Sunday, October 18, 2009

Where the Wild Things Are

Since I just saw Spike Jonze's Where the Wild Things Are, and since I'm amidst blathering about criticism, I figured, why not post a review for the film before continuing my rambling three-part entry on criticism and reviewing? Considering one of my forthcoming points, I find writing a review for a film like this kind of fitting. Or contradictory. Whichever. After I post parts two and three and you have a chance to read it, you be the judge.

I loved Spike Jonze's adaptation of Maurice Sendak's 10-sentence children's book, Where the Wild Things Are. It's simply a delightful and amazing film that stays true to the vision of the original book as well as to Jonze's.

I loved the way Max (superbly played by Max Records) acts like a real nine-year-old boy. In the first few scenes of the film, we see instances of Max going damn near feral, yet the movie never treats him as a "problem child." No. He's nine. This is how nine-year-old boys behave, full of manic energy and conflicting, uncontrollable emotions.

Just watch the way Max has fun in the opening scene, making a fort out of snow and pretending to be a general, giving angry marching orders to a fence. Then watch the way he flips out over the aftermath of a fun snowball fight he has with his older sister's teenage friends, red- and teary-eyed and full of inconsolable rage.

I loved the overall lack of typical Hollywood film plot, thus making the 90 minute feature amazingly faithful to the original book. The story itself is pretty simple: Max gets into a fight with his mom (Catherine Keener) and decides to run (then sail) off to a land inhabited by giant monsters (the titular wild things) that make him their king. Max and the wild things then spend the bulk of their time wrestling, breaking stuff, building forts, and waging "war" with one another.

When he meets the wild things, there's not much setup or exposition. None is needed. One of the wild things, Carol (voiced by James Gandolfini) is trashing some of the monsters' makeshift homes. He asks Max if he wants to join in. Of course he does. Breaking stuff with reckless abandon is the bread and butter of a young boy. Thus begins their friendship. No, "What are you creatures and how does this new world work?" baloney. They're monsters, and they like roughhousing and breaking things. They're speaking Max's language.

Although it's obvious that this is Max's fantasy, Jonze and his writing partner, Dave Eggers, don't hit you over the head with this. They respect the audience's intelligence, even the really young members of the audience.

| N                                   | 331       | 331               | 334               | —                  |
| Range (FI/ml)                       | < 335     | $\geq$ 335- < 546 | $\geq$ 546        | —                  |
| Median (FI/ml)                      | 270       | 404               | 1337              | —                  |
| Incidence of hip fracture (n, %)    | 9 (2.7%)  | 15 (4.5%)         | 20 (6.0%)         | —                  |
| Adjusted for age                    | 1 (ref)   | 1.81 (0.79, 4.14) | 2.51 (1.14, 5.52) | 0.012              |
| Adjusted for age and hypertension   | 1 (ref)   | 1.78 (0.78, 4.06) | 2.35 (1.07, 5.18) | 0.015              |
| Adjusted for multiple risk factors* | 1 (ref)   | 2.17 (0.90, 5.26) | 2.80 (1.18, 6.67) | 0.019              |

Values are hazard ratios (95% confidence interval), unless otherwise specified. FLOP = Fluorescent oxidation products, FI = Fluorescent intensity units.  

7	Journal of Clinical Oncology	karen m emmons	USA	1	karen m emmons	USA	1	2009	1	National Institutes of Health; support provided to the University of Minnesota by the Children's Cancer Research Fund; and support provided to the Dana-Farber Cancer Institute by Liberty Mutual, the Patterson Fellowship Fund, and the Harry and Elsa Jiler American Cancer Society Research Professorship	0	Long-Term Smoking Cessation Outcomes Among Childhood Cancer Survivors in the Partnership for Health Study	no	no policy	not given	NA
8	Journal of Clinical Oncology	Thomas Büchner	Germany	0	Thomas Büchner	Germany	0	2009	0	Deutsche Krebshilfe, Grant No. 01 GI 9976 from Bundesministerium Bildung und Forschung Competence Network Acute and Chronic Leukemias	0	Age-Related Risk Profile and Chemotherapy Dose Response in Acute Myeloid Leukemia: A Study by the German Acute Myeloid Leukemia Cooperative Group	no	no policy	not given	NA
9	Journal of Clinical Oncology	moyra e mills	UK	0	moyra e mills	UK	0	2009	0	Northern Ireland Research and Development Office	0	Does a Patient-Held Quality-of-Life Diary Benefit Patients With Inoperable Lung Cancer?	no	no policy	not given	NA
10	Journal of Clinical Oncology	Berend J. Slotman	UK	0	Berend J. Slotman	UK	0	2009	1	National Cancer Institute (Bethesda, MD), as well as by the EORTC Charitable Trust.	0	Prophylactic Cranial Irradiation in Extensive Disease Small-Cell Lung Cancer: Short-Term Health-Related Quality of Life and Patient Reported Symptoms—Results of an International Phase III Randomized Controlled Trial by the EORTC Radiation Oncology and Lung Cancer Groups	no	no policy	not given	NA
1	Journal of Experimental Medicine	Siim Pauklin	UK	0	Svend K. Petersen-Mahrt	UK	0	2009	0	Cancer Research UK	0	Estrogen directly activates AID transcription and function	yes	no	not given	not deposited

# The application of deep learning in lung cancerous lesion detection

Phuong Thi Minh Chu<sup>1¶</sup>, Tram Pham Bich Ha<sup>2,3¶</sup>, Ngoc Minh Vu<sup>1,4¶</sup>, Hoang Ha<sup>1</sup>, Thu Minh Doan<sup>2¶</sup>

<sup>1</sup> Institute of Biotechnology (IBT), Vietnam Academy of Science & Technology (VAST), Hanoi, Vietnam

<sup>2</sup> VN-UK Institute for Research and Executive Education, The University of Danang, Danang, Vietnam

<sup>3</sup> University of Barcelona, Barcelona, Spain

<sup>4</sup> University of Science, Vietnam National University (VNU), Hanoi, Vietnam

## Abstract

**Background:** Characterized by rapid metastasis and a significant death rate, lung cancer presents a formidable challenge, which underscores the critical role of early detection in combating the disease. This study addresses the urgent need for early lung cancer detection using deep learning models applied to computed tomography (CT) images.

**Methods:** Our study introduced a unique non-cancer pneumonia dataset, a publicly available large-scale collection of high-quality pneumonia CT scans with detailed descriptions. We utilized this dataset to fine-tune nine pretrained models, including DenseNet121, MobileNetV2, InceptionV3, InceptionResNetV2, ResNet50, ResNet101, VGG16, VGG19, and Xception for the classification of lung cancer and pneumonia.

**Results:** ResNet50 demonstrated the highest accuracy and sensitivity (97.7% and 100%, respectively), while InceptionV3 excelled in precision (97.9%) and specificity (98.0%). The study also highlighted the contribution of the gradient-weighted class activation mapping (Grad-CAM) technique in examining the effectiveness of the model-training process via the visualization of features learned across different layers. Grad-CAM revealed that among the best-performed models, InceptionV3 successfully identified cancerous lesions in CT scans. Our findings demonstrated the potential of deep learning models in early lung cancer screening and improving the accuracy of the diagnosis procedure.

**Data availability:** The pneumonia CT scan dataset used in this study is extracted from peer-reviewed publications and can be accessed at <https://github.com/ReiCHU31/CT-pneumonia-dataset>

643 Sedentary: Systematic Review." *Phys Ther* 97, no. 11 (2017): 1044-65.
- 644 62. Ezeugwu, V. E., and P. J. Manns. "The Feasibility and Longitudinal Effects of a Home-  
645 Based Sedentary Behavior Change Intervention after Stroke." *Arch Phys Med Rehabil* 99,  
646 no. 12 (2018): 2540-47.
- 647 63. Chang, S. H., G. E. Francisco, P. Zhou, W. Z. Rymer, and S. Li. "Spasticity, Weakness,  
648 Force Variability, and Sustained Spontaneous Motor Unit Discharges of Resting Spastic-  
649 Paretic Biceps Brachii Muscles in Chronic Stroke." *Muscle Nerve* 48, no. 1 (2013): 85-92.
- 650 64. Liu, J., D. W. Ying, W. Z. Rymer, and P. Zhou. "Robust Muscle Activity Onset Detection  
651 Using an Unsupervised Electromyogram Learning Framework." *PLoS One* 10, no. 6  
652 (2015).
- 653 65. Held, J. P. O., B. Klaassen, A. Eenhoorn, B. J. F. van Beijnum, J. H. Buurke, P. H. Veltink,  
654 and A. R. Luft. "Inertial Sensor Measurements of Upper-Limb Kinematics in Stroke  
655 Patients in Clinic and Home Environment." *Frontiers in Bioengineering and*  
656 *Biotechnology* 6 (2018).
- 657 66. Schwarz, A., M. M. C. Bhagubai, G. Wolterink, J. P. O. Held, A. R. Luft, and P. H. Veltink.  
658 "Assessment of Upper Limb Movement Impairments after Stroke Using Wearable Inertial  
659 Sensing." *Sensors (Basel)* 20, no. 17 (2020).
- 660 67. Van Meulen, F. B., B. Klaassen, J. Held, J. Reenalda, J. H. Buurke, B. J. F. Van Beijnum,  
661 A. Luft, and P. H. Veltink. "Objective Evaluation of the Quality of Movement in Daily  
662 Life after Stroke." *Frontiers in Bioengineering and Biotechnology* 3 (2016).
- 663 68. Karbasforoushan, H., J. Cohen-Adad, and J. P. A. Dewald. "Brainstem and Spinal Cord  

Because it's Max's fantasy world, we get to see Max's ferocity, imagination and unstable emotions in macrocosm in the form of giant, wonderful and frightening creatures. It's one thing to see a young boy throw a spontaneous temper tantrum. It's another thing entirely to see one thrown by a giant beast that can punch holes through trees.

I loved the acting in it. As I mentioned before, Records is just spot on as Max. He's neither precocious nor cloying. He's likable and believable. The voice work for the creatures, from Gandolfini, Forest Whitaker, Lauren Ambrose, Catherine O'Hara, Chris Cooper and Paul Dano, are also excellent. Keener is, as always, spot-on. The effects are great, the monsters look amazing, and the soundtrack is excellent.

I love how the movie doesn't engage in your typical stupid Hollywood moralizing (a character has a few pat flaws that can be easily fixed, an authority figure of some sort shows the character how to fix them, the flaws get fixed, and the character is a better person). I won't give away the film's course or conclusion, but Where the Wild Things Are doesn't follow this tiresome and fraudulent trajectory.

I laughed a lot. I got misty-eyed a number of times. I loved this movie. I'm so glad it was released. Go see it.

Getting all emotional,

James "King Wolf" Comtois

Ps. Don't buy into the talk around the Intertubes that this is too dark or intense for nine or 10 year-olds. This is absolutely geared for young boys as well as adults. It's just not insipid and condescending like other children's movies around.

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